Faith, hope, and…

We have already discussed faith and hope. My guess is that most readers assume they know the third word—love. But that word has been so often discussed and most people today recognize that the biblical meaning of love is not so much about feelings and sentiment as it is about actions. How else could we “love our enemies,” as Christians are called to do? The old KJV translation has real advantages: its term “charity” may be too narrow, but at least it is action-oriented.

My third word is not love. Instead, I want to discuss “grace” [χάρις]. Grace too is a word generally used only in religious talk, although there are exceptions. One may try to stop the verbal abuse of another person by telling the abuser, “Show a little grace,” meaning “mercy.” Or we may speak of a ballet dancer having “grace.”

But just as the great reformer Martin Luther brought the word “faith” to the center of Christian theology, so also he did grace. His famous slogan “sola gratia” (“grace alone”) makes a good bumper sticker, but it needs to be explained as well as affirmed and shouted. While the English “grace” may often be the best translation of the Greek word in a particular verse of the Bible, other times the term “gift” is better. Let’s look at a few examples.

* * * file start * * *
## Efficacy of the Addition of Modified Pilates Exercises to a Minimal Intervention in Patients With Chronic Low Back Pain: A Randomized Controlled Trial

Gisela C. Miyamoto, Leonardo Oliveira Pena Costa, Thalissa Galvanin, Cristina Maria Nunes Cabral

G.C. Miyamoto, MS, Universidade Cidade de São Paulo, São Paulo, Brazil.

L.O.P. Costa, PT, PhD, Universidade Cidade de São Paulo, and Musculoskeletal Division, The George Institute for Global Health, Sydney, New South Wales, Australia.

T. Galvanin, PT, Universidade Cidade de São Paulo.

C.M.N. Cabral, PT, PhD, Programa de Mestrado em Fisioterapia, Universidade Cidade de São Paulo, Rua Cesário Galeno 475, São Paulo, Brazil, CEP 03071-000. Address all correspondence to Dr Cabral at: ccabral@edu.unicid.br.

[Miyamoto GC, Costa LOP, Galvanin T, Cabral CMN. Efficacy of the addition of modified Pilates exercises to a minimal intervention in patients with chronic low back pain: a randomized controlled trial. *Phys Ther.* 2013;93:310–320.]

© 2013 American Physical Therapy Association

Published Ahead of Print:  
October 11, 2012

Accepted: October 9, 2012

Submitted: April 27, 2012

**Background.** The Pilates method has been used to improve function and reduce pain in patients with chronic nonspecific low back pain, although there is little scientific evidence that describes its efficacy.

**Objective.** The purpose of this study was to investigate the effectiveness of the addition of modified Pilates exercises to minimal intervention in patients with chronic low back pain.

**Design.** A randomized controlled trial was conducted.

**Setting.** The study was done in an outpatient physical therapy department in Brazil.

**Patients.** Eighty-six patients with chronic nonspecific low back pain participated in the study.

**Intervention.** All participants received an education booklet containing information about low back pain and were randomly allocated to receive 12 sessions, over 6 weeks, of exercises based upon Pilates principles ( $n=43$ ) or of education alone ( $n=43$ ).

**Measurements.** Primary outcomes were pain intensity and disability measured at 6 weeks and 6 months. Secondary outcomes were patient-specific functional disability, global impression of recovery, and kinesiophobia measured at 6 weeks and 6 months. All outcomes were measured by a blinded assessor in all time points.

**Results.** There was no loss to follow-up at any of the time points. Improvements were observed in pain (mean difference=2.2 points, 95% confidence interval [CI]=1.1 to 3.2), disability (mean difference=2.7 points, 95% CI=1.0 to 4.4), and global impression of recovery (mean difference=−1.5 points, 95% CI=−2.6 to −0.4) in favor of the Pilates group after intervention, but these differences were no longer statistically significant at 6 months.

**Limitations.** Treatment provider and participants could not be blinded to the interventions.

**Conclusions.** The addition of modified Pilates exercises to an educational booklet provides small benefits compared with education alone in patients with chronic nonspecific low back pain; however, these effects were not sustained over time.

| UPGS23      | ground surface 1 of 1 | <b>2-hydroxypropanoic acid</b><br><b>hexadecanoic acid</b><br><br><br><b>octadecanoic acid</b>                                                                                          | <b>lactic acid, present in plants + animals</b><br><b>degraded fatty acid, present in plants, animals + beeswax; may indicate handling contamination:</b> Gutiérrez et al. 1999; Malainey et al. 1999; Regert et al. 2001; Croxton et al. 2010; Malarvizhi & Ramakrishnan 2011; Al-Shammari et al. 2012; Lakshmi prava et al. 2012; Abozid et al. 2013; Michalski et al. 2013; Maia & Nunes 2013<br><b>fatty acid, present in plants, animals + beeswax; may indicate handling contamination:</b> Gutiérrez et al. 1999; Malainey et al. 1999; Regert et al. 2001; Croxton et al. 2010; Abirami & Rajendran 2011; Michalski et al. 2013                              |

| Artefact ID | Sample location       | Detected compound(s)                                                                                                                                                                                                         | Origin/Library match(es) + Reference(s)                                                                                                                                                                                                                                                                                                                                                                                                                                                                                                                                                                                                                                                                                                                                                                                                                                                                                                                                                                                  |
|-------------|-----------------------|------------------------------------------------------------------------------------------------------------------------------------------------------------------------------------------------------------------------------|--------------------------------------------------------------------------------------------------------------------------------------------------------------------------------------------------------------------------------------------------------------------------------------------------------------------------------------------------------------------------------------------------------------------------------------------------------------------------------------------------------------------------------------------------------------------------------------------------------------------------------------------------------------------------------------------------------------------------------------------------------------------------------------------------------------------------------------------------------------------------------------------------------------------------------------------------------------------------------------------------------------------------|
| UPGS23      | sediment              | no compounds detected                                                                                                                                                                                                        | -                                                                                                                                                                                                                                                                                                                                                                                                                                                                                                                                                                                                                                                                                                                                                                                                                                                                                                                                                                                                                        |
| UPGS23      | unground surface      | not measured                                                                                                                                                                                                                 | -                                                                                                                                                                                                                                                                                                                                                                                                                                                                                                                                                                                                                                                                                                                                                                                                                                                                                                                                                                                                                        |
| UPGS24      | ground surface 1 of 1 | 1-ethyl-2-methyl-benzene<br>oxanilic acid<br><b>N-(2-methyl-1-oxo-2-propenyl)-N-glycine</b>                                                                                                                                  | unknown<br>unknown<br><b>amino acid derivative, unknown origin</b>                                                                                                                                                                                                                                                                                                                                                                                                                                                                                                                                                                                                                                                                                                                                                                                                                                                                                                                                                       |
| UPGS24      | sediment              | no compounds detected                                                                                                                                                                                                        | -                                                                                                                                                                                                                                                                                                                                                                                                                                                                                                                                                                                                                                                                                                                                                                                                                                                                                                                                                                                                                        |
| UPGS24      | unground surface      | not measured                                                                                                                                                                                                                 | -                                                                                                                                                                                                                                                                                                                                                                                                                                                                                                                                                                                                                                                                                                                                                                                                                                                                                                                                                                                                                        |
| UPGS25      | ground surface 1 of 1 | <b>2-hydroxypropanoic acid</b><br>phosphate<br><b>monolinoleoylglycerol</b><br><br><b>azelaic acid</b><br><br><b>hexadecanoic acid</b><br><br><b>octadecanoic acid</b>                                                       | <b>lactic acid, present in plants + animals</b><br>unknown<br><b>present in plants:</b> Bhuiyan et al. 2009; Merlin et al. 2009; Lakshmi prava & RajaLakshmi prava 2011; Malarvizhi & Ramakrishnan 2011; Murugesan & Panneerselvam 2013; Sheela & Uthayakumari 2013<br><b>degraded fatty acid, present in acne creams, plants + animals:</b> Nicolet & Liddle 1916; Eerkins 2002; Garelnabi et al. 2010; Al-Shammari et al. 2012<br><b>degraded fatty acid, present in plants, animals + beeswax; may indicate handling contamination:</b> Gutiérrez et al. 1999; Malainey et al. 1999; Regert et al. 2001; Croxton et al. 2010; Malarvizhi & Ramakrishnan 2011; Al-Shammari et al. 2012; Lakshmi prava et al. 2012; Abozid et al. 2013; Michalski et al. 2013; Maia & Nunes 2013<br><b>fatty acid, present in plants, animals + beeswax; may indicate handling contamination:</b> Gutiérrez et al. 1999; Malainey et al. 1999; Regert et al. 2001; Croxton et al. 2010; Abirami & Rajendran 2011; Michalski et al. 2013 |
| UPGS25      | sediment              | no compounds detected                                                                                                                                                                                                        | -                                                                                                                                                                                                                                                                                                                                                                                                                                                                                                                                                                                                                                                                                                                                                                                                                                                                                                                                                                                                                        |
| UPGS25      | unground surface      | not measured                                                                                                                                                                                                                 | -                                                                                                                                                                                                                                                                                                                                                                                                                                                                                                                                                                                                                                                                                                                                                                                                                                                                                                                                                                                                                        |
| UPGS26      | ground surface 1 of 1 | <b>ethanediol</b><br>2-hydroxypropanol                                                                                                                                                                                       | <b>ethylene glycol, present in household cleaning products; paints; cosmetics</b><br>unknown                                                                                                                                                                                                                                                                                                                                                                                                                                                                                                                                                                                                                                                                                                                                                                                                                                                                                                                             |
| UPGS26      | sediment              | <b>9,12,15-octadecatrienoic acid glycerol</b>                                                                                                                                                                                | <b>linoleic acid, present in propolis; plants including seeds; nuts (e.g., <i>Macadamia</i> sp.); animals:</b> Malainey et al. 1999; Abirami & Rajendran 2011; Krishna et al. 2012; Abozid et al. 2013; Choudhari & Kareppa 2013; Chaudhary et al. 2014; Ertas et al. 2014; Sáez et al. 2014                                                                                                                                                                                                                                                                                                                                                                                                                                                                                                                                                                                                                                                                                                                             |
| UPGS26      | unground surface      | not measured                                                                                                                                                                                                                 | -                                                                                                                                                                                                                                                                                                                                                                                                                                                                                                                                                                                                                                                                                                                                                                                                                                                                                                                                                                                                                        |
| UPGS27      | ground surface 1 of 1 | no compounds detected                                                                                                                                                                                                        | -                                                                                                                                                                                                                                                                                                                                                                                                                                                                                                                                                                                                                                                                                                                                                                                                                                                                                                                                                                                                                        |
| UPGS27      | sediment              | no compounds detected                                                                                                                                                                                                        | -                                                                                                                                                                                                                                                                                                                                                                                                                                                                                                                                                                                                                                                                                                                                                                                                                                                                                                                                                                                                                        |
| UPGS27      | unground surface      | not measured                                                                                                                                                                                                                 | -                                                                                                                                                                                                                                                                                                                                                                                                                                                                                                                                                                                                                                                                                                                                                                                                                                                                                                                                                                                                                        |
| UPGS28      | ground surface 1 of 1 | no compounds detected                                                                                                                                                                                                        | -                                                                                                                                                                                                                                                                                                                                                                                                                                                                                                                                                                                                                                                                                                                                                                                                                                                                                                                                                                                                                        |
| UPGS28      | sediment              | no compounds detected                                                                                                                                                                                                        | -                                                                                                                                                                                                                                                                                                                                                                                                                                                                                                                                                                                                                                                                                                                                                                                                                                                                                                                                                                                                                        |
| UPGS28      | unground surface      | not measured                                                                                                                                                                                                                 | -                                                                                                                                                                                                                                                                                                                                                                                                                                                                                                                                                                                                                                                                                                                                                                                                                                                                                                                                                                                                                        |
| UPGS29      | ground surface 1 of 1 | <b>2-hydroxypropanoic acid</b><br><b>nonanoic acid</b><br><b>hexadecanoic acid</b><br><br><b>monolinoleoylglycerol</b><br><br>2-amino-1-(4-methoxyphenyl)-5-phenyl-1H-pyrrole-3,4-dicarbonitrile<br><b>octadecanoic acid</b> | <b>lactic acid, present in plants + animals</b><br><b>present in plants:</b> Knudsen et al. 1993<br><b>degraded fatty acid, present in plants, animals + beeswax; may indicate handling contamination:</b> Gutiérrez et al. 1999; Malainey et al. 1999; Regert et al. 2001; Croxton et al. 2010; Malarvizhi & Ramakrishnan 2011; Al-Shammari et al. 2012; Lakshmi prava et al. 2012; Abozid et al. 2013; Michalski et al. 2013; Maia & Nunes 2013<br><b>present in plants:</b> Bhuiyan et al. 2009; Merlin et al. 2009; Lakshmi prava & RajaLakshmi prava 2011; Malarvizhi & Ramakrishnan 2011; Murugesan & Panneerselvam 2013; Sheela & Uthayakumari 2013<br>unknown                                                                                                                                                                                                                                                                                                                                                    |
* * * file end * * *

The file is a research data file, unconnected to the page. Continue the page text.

In Romans 1–3 we are taught that both Gentile and Jew are guilty before God. Gentiles should know from the creation there is a creator and sustainer and should respond with gratitude. As for the Jews, they cannot claim that being the recipients of the Torah makes them innocent before God. God’s solution to this tragic situation is set out in Romans 3:21–26.

Notice how the meaning seems clearer if we translate verse 24, “we are justified freely by his gift through the redemption that came by Christ Jesus.” God solved our debt problem, separation from God, with his own gift. Similarly, Romans 5:2 seems clearer, if we read it as “access to this gift in which we stand.” In both cases, “gift” brings out the sense better than “grace” does.

In I Corinthians 1:4 Paul says, “I always thank my God for you because of his gift given you in Christ Jesus.” One of the verses where gift stands out well, I think, is Romans 11:5, 6.

Romans 4:4 uses the same Greek word typically translated “grace,” but the NIV and other translations here use “gift” because it seems so obvious, since it is in contrast to wages (Rom 4:4. 5). Note the word “faith,” here too, using the idea of “trust” as I discussed in a previous post. Our acceptance by God is not from our good deeds, but solely as God’s gift.

Receiving a gift also brings with it responsibility to respond gratefully. There are “freely” given gifts, but most gifts assume some response, to manifest gratitude. Consider Jesus’ story of the 10 lepers who were healed but only one returned to give thanks (Luke 17:11–19). Our salvation is solely God’s gift, for which gratitude is needed.